An additional problem with HB 492 is that it conflicts with existing laws covering photographs. With few exceptions, photographers are presumed to own a photograph taken on their own property or on property open to the public. Photographers, therefore, have a property right for the photos they take. HB 492 works against that property right. It limits how those who own photographs may use this property if facial recognition systems are in place. It does so by stating that a photographed individual has the right to (among other things) "delete an image or a facial template of the individual that has been enrolled in a facial recognition service used in a physical premises open to the public."
Despite its many problems, HB 492 is not entirely bad. The bill does put some reasonable limitations on how government agencies use facial recognition technology. Specifically, the bill forbids them from using the technology to engage in ongoing surveillance "unless such use is in support of law enforcement activities, may provide evidence of a serious criminal offense," and one of the following conditions applies:
Additionally, HB 492 requires government agencies to keep records of how they use facial recognition technology. They also must disclose its use on a criminal defendant to that defendant in a timely manner prior to trial.
Analyst's Note: HB 492 defines "facial recognition service" as "technology that analyzes facial features and is used for recognition or persistent tracking of individuals in still or video images." The "or" in this definition is very important because the "persistent tracking" is not a required component of the definition. Any "technology that analyzes facial features and is used for recognition" falls under the regulations contained in HB 492. It doesn't require that the technology be used for any particular purpose.
The definition applies to phones, TVs, video game consoles, and other electronic devices that allow a user to access or unlock a device via a facial scan. Even technology that attempts to help users "auto tag" their own photos (such as is used by Facebook) would fall under this broad definition.
Fundamentally, HB 492 attempts to regulate and limit the use of facial recognition technology without grasping the full context, scope, or uses of such technology. The regulations imposed by this bill appear to presume that the primary private sector purpose for it will be security and surveillance, but they ignore its potential as entertainment or as a means of deploying targeted advertising.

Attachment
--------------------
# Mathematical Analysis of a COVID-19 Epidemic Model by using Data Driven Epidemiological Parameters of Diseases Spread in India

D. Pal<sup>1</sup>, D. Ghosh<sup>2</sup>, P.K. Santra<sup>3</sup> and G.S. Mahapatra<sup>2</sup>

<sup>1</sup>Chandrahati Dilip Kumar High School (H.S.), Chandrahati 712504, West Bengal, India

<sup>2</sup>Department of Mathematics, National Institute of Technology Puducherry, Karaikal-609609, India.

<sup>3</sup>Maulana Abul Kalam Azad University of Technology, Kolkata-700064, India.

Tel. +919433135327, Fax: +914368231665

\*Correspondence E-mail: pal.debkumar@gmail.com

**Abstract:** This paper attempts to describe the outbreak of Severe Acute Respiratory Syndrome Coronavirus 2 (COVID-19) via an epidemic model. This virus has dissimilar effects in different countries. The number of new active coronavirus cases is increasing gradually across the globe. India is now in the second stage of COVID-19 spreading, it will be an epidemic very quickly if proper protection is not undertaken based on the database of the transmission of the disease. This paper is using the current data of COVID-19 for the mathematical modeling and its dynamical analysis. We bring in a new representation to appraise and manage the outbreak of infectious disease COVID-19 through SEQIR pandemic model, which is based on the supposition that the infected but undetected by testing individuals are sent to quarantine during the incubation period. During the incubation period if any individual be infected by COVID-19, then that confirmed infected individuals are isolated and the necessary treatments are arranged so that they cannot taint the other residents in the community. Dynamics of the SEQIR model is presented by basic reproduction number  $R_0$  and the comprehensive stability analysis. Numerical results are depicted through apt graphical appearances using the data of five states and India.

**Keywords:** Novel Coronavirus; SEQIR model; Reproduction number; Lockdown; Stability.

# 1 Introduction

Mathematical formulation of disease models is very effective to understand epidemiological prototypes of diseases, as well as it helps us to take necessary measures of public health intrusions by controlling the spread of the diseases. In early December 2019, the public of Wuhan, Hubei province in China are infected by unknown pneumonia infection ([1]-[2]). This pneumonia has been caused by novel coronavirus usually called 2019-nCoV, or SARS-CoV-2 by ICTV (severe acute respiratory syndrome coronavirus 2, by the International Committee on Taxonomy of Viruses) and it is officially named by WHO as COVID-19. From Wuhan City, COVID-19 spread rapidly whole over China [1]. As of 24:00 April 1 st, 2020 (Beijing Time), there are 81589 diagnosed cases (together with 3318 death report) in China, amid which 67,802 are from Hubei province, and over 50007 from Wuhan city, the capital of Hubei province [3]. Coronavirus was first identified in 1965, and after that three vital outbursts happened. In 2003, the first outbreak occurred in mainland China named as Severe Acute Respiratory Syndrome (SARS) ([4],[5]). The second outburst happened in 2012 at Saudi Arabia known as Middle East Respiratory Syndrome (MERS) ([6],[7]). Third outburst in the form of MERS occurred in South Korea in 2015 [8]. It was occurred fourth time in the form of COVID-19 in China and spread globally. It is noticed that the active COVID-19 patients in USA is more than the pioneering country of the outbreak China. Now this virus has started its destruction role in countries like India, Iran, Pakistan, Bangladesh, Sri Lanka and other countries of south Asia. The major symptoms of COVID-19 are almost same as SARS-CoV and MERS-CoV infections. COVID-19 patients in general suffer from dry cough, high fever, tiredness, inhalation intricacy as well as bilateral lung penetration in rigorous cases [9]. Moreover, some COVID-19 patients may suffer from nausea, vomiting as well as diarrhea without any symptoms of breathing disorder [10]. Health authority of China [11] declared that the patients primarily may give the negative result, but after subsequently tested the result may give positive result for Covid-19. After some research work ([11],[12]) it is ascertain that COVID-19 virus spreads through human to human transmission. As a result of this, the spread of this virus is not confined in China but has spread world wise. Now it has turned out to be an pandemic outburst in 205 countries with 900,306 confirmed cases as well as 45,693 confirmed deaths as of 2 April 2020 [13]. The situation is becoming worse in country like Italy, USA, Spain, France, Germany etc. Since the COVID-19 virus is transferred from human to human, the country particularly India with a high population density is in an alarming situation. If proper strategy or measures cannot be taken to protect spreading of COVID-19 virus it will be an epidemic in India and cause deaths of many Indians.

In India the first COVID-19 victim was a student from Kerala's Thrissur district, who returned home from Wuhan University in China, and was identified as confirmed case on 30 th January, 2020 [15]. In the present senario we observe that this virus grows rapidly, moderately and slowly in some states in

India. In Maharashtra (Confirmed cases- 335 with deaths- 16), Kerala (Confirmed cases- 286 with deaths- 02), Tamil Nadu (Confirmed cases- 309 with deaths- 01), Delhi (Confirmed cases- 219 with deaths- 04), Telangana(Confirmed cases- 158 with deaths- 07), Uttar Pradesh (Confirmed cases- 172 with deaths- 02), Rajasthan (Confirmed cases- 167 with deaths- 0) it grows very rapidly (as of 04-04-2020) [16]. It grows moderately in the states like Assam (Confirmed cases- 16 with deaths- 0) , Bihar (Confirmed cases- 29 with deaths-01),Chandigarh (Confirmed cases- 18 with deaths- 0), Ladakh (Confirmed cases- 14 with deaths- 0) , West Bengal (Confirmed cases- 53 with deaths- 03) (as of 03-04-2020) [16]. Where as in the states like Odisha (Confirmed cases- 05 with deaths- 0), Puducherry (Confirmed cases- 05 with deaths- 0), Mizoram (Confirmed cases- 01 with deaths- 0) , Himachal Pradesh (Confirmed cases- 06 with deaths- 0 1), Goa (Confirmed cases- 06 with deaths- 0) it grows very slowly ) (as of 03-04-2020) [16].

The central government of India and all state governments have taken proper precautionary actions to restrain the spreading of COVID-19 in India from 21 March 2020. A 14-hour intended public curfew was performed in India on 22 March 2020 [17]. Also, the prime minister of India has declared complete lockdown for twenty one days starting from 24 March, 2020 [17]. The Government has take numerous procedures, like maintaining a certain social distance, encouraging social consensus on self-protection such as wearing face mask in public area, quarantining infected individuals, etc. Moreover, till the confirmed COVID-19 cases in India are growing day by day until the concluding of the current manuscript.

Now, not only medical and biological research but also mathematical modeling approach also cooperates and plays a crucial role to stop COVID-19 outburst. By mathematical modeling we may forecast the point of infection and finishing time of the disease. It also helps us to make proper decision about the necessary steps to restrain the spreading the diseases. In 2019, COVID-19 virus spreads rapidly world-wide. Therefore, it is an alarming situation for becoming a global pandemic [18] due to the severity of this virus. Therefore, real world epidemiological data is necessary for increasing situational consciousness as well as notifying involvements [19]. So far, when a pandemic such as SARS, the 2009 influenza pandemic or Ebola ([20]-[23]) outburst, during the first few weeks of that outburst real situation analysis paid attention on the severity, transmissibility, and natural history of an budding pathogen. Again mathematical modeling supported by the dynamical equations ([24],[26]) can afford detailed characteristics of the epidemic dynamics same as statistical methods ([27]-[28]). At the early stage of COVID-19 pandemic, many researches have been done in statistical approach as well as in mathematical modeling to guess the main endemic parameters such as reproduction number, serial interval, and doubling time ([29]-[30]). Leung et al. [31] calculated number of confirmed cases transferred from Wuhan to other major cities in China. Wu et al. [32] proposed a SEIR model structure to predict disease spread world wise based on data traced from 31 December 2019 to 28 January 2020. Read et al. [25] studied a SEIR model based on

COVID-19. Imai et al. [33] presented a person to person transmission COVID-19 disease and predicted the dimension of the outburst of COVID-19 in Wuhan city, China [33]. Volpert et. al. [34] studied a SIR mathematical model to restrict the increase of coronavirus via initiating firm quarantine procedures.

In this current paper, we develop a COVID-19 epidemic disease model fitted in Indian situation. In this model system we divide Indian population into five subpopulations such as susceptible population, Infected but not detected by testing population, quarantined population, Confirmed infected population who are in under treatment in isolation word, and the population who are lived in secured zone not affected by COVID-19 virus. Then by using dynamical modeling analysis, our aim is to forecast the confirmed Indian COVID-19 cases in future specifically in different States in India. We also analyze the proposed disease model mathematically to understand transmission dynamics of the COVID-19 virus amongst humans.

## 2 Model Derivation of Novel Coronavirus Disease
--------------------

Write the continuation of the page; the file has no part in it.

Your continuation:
Additionally, HB 492 appears to presume that the images used for facial recognition technology will be originally captured by the facial recognition technology rather than obtained from existing sources such as commercial vendors, social media sites, or the public domain.
It further appears to presume that images, which are newly captured by facial recognition technology, will be compared to images in a database maintained by the processor or controller of the facial recognition technology. The code includes the language "an image or a facial template of the individual that has been enrolled in a facial recognition service" and similar references. While it is possible for facial recognition technology to work in this manner, it is also possible that captured images will be dynamically compared to preexisting images found online from myriad sources.
The errors and omissions in HB 492, combined with the severe penalties imposed on private individuals and businesses who run afoul of its poorly worded regulations, make HB 492 a dangerous piece of legislation.
It is appropriate for the state to limit the use of a potentially invasive surveillance technology by state agencies and law enforcement. But it is inappropriate to impose onerous regulations on and violate the property rights of individuals and businesses who use such technology on their own property for their own purposes.